Thank you for your warm welcome.
In turn, let me welcome you to Sydney, my home city and I believe one of the great cities of the world.
This is the first time the Institute of International Finance has held an event in Australia, so let me say what a pleasure it is to have you here in the year of Australia’s presidency of the G20.
As you know, in two days’ time I will be chairing the first G20 Finance Ministers and Central Bank Governors meeting under Australia’s presidency.
Whilst the G20, which represents 85% of the world’s economy, will necessarily deal with the immediate issues confronting our nations such as the impact of tapering on capital flows, it has a formal agenda focussed on further stimulating economic growth and jobs.
It is therefore important to also remember that many informal discussions will augment the set agenda.
We are all seeking to achieve ambitious and meaningful outcomes over the weekend. That means we have a lot to get through.
So today, I would like to give you a sense of the key issues on which we will focus and the outcomes I want to achieve.
The G20 will address the key challenges facing the global economy in both the short term and over the longer horizon.
Key priorities are, as I said, to lift economic growth and create jobs while returning government budgets to a more sustainable footing.
We will be looking for ways the G20 can improve macroeconomic coordination to address these challenges.
We will be examining the recent bout of heightened financial market volatility, its causes and consequences, and what the G20 member counties can do about it.
We will also be setting out the G20’s work plans for financial regulation, tax reform and IMF reform – the three structural steps necessary to help make the global economy more resilient.
Ladies and Gentlemen, the global economy cannot afford complacency. We do not have time for reform fatigue.
But rather than touch on every item on our agenda, today I would like to focus on three broad themes:
- Macroeconomic coordination;
- Financial regulation; and
- The tax agenda.
I will close by highlighting the important role that stakeholders like you can play in ensuring that the right issues are addressed and that solutions are practical and beneficial in the real world.
1. Macroeconomic Coordination
Let me start with macroeconomic coordination.
This will be the first meeting of G20 Finance Ministers and Central Bank Governors since October 2013. For some this may not seem like a long time but, as those of you in this room are well aware, in the global economy a lot can change in four months.
Since we last met in Washington, we have seen some signs that the global economy is recovering.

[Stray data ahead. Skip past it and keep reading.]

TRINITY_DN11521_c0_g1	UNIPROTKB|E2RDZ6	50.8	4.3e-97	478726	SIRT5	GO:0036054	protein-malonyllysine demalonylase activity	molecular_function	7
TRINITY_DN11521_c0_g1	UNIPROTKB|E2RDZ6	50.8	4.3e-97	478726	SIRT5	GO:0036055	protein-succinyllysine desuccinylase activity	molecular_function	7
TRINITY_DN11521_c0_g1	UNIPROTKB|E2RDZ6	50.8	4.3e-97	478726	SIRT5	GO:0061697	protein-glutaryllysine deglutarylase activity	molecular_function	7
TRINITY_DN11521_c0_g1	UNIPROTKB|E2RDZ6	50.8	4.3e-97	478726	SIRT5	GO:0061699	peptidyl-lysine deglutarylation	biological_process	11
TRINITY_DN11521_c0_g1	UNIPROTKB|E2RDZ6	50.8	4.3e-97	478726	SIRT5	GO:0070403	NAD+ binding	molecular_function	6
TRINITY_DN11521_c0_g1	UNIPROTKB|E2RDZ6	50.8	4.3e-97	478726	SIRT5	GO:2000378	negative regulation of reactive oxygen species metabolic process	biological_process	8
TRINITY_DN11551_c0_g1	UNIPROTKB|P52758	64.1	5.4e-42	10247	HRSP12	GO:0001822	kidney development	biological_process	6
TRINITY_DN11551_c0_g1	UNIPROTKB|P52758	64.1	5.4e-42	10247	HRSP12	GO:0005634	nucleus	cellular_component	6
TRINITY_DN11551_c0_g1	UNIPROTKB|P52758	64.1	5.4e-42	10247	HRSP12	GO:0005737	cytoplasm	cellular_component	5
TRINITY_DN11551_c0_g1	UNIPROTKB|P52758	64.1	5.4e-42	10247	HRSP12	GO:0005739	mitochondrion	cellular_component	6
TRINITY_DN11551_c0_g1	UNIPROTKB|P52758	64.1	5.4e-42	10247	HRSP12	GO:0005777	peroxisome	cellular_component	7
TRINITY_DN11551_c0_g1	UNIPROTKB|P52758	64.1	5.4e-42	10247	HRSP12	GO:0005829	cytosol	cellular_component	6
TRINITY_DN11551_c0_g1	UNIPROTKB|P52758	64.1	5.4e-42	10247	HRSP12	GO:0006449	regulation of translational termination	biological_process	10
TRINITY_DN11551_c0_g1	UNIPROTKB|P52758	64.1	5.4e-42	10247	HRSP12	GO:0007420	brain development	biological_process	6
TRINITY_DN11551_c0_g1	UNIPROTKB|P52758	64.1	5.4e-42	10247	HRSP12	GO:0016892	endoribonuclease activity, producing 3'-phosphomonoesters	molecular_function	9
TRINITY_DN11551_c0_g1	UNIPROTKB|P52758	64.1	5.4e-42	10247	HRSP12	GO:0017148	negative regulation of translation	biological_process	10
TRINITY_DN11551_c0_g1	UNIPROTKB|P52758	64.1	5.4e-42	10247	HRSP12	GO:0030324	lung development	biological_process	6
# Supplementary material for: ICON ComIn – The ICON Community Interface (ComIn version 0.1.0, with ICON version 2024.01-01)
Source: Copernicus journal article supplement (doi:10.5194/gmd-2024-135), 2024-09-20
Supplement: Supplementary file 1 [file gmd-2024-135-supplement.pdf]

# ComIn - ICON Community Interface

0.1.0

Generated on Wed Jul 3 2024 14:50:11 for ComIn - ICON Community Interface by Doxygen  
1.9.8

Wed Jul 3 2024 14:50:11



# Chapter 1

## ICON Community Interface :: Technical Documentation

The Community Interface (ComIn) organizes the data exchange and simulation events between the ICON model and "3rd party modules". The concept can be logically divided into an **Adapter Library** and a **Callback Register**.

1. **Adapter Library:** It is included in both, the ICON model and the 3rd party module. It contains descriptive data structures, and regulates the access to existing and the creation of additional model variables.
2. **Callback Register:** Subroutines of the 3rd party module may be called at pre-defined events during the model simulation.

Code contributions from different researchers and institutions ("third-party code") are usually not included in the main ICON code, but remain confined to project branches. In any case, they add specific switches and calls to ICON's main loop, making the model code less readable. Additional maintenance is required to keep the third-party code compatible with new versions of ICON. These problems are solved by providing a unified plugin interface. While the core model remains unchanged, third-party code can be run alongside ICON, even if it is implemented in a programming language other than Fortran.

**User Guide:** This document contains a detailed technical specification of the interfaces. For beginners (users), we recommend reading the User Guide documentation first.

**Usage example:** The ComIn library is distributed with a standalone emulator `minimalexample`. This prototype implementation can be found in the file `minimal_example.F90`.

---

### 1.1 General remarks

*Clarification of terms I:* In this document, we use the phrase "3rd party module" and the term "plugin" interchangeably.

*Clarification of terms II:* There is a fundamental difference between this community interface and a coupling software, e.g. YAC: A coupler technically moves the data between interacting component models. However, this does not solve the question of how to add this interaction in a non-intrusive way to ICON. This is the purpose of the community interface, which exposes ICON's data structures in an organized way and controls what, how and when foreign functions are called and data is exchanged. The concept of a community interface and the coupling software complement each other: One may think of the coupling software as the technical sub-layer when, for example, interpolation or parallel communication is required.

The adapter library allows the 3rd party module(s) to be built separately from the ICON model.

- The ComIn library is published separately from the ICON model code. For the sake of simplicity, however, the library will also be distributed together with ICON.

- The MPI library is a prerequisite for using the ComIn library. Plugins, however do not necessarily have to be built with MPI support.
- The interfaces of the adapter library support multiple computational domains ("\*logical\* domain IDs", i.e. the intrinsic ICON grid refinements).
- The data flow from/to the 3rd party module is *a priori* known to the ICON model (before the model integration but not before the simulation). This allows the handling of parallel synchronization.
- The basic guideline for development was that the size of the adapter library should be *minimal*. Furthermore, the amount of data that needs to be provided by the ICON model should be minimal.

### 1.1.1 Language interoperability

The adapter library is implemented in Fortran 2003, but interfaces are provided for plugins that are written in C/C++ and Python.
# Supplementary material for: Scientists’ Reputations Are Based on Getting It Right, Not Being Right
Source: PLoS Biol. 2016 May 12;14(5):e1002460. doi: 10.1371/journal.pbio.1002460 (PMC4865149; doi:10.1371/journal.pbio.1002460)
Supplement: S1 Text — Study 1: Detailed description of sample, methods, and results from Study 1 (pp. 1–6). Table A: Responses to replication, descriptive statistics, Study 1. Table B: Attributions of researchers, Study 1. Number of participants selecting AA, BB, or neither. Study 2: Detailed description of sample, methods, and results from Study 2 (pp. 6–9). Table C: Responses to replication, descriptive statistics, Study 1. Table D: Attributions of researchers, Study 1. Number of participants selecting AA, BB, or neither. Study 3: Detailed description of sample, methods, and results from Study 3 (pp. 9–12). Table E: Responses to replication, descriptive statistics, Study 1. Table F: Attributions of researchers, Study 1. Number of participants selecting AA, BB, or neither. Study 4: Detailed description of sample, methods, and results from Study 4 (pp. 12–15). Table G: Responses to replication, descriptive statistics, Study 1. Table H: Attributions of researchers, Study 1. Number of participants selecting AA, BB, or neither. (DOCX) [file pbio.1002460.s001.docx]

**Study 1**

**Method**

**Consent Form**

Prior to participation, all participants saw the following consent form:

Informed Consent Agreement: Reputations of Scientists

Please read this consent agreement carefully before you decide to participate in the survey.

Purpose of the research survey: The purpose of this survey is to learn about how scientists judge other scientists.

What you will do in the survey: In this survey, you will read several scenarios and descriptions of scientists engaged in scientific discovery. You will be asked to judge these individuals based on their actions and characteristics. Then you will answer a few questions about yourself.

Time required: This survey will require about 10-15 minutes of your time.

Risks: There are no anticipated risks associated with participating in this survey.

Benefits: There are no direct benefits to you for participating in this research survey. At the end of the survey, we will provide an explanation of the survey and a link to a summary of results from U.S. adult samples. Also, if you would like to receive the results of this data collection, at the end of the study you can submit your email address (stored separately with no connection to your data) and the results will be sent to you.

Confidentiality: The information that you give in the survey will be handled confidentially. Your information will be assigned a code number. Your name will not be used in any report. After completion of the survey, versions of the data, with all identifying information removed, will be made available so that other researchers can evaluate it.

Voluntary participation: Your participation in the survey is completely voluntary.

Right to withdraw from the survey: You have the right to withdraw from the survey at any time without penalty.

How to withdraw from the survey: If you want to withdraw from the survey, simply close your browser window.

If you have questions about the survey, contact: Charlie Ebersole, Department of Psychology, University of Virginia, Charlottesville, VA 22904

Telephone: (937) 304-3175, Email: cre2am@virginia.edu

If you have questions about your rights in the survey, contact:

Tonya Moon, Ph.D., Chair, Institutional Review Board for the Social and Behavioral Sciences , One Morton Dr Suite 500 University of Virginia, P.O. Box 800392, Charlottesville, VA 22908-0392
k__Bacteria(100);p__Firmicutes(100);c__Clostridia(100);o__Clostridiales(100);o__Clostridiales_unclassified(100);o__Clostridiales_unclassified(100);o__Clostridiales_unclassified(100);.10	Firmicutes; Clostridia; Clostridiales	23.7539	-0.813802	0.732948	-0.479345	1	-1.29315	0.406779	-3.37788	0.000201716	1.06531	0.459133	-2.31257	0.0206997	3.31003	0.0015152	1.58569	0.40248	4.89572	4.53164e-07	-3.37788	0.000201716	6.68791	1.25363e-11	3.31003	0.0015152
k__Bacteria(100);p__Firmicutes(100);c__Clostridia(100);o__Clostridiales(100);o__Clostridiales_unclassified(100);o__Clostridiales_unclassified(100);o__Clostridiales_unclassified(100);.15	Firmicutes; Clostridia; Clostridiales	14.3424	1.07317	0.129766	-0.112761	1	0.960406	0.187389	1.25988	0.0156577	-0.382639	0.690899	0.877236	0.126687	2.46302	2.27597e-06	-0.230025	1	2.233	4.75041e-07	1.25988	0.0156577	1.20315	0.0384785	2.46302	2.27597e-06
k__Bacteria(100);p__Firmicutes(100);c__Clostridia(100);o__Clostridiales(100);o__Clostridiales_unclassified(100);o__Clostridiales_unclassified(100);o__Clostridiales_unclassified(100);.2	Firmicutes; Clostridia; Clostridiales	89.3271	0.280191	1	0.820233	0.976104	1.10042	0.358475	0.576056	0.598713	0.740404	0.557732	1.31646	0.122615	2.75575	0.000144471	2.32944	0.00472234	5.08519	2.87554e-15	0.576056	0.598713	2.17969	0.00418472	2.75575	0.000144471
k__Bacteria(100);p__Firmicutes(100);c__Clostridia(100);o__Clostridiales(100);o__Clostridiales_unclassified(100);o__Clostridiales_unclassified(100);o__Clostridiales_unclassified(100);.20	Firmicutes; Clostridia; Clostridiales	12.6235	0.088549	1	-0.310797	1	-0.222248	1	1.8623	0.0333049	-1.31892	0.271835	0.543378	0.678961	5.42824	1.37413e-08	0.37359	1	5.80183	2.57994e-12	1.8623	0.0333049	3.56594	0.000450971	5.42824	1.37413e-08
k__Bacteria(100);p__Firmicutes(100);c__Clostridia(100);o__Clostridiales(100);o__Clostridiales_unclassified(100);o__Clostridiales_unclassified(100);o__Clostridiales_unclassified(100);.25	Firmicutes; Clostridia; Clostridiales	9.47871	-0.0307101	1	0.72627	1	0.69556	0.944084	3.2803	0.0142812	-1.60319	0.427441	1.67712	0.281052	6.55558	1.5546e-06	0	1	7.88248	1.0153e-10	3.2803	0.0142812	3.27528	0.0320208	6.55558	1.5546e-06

Growth in advanced economies, particularly the United States and Japan, looks to be picking up, with the Euro area resuming growth again.
Emerging market economies as a group are expected to continue to make strong contributions to global growth despite the recent episode of market volatility that some have experienced.
But we are not out of the woods yet. The global economic recovery is not yet sufficiently strong or broadly based to create enough jobs and to continue to lift people out of poverty. Key downside risks remain.
And again we find that we need to manage periods of increased volatility in financial markets and in capital flows.
A key question to be addressed is how episodes of financial market volatility are affecting emerging market economies. Some are experiencing exchange rate pressures, high inflation and capital outflows.
We must work together to understand how the destabilising effects can be managed to preserve economic growth and the integrity of financial systems.
What this means for the G20 is that we must continue to cooperate and improve our macroeconomic coordination.
Having said that, it is not always clear what macroeconomic coordination means, let alone how it can be improved.
At the moment, macroeconomic coordination is being talked about in the context of the US Federal Reserves’ gradual tapering of its asset purchase program. The Fed’s actions have economic implications both domestically, within the United States, and internationally. At issue is how the Fed should take into account the international implications of its actions.
There is no doubt that the Fed needs to be aware of these international implications in detail, and be mindful of them. But ultimately, the Fed has to operate in a manner that is consistent with its domestic mandate.
Within this mandate, it will clearly take into account international feedback effects on the US economy.
However, macroeconomic coordination involves something more than that.
From my perspective, macroeconomic coordination within the G20 is about three things.
Firstly, it’s about better sharing of information between nations and improved communication channels across jurisdictions.
Secondly, it is incumbent on us to use the full range of policy tools to achieve our shared objectives based on an agreed level of ambition for the global economy.
Finally, macroeconomic coordination means we must be ready to respond collectively at times of crisis.
So how does this translate to our current circumstances?